During his visit to Baja California, the president of Mexico, Andrés Manuel López Obrador instructed more lanes to be opened and to speed up checking at the El Chaparral port of entry from San Ysidro to Tijuana.
After this presidential instruction, members of SEDENA that are part of the Tijuana Customs removed gamma ray equipment that was used to inspect but had not been used in a while. That way, they opened more spaces to speed up vehicular flow. In total, 21 lines were opened according to information shared on Wednesday, November 22 by the state government.
However, binational traffic congestions from San Ysidro to Tijuana continue and could be related to a lack of mobility strategies when entering Mexico.
The situation has become more complicated with the development of projects at Avenida Internacional that are almost three kilometers long due to the construction of the Elevated Viaduct to Playas de Tijuana which has created more mobility problems after the El Chaparral bridge was closed.
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"There are a lot of cars that cross daily from San Diego to Tijuana, more lines were opened, and we thank the president and Customs a lot for speeding up this situation (...) however, once you cross, there is a small bottleneck, especially because the El Chaparral bridge has now been reopened. That's why we are requesting the municipality to help us by finishing this project as soon as possible," the governor of Baja California, Marina del Pilar, pointed out during this Wednesday’s morning press conference.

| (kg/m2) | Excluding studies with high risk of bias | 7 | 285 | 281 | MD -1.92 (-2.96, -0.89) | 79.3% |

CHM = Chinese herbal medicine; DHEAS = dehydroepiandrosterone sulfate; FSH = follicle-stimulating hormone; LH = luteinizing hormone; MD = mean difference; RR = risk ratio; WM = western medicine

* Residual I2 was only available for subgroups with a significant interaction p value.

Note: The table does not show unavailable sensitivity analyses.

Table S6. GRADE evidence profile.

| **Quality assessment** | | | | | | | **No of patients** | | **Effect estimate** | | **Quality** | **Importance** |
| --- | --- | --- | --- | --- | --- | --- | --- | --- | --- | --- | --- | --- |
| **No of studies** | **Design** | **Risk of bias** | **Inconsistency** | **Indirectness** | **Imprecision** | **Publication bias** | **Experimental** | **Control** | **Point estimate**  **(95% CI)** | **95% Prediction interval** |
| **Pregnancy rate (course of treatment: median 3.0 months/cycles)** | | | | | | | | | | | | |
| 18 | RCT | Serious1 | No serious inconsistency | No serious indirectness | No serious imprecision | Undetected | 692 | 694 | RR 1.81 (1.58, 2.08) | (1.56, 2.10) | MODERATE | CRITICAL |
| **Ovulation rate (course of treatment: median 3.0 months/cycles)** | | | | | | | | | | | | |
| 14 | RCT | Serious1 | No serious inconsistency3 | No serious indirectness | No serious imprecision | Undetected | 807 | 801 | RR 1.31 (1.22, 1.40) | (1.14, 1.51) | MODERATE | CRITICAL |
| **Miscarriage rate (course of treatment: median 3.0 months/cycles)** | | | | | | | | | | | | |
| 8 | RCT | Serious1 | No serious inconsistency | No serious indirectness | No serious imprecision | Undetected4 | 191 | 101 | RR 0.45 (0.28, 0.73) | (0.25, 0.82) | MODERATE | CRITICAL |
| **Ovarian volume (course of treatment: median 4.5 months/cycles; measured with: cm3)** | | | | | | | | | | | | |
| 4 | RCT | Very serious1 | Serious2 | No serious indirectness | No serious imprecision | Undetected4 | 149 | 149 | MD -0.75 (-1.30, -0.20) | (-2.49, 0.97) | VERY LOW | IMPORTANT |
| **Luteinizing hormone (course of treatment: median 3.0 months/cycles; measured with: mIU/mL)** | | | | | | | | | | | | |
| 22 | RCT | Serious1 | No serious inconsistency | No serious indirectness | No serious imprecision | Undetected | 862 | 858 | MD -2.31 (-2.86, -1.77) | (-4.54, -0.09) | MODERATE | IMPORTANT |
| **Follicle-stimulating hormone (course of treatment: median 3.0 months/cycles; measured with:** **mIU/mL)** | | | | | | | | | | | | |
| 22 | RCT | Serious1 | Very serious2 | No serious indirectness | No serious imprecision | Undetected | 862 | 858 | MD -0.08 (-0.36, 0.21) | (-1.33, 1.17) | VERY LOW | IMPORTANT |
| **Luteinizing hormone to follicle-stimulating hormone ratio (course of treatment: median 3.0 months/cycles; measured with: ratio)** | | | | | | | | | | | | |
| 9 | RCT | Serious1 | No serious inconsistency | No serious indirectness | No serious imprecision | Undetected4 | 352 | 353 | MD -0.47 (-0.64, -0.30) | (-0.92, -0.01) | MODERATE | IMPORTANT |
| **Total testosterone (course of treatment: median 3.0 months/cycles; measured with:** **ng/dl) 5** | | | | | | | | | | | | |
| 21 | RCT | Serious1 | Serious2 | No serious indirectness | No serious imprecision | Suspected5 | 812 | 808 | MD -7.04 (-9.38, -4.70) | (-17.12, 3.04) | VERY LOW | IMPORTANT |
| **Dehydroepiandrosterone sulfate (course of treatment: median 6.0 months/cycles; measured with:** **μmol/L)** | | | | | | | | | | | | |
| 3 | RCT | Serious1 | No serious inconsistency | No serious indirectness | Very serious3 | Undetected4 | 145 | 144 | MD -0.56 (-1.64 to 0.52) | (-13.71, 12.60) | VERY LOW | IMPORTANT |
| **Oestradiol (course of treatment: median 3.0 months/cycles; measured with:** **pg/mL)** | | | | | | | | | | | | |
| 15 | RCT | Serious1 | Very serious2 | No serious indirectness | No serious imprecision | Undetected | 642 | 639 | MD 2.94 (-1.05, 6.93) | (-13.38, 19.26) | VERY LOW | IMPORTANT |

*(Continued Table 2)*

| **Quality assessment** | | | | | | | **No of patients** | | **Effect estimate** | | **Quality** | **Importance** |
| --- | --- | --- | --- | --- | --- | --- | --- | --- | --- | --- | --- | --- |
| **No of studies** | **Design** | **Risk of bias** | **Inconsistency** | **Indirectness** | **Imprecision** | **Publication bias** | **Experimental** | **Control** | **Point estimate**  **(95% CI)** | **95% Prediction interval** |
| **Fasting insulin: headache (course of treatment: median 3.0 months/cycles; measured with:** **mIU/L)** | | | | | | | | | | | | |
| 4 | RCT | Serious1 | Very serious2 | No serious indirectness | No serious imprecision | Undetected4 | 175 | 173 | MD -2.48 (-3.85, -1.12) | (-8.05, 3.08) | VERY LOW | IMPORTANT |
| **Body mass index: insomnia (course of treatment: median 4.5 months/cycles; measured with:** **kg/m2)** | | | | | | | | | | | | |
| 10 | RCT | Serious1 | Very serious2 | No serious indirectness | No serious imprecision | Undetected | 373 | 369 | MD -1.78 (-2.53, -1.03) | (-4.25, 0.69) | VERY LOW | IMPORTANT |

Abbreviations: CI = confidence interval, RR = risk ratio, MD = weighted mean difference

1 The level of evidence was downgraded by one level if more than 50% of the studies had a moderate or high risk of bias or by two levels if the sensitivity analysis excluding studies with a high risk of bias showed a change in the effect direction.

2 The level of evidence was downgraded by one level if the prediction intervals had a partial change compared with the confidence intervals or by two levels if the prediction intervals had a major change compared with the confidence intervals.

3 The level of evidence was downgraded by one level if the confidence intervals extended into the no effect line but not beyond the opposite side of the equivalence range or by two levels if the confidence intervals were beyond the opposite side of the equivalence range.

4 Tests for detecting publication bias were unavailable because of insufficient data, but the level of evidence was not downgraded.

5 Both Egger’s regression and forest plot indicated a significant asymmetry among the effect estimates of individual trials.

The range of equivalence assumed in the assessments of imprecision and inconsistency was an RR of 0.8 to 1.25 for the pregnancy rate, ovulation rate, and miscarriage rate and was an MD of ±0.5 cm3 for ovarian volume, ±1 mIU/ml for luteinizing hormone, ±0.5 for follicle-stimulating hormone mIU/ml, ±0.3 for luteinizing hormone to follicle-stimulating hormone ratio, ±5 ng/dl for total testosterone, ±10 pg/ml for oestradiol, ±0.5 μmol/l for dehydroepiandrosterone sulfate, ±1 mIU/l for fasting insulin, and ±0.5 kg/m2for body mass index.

An estimation stated that, in 2023, around 100,000 vehicles cross daily between Tijuana and San Diego, of which 70,000 do it due to work or studies, according to an analysis by the School of Business of the University of San Diego.
"We are looking for alternatives with SIDURT, unfortunately, there is no way to expand lanes when crossing to Tijuana (...) there is no technical possibility, however, we are looking for options to speed up times, the number of vehicles is considerable, but we are still working in coordination with the federal government and Customs to speed up crossings," the state governor said.
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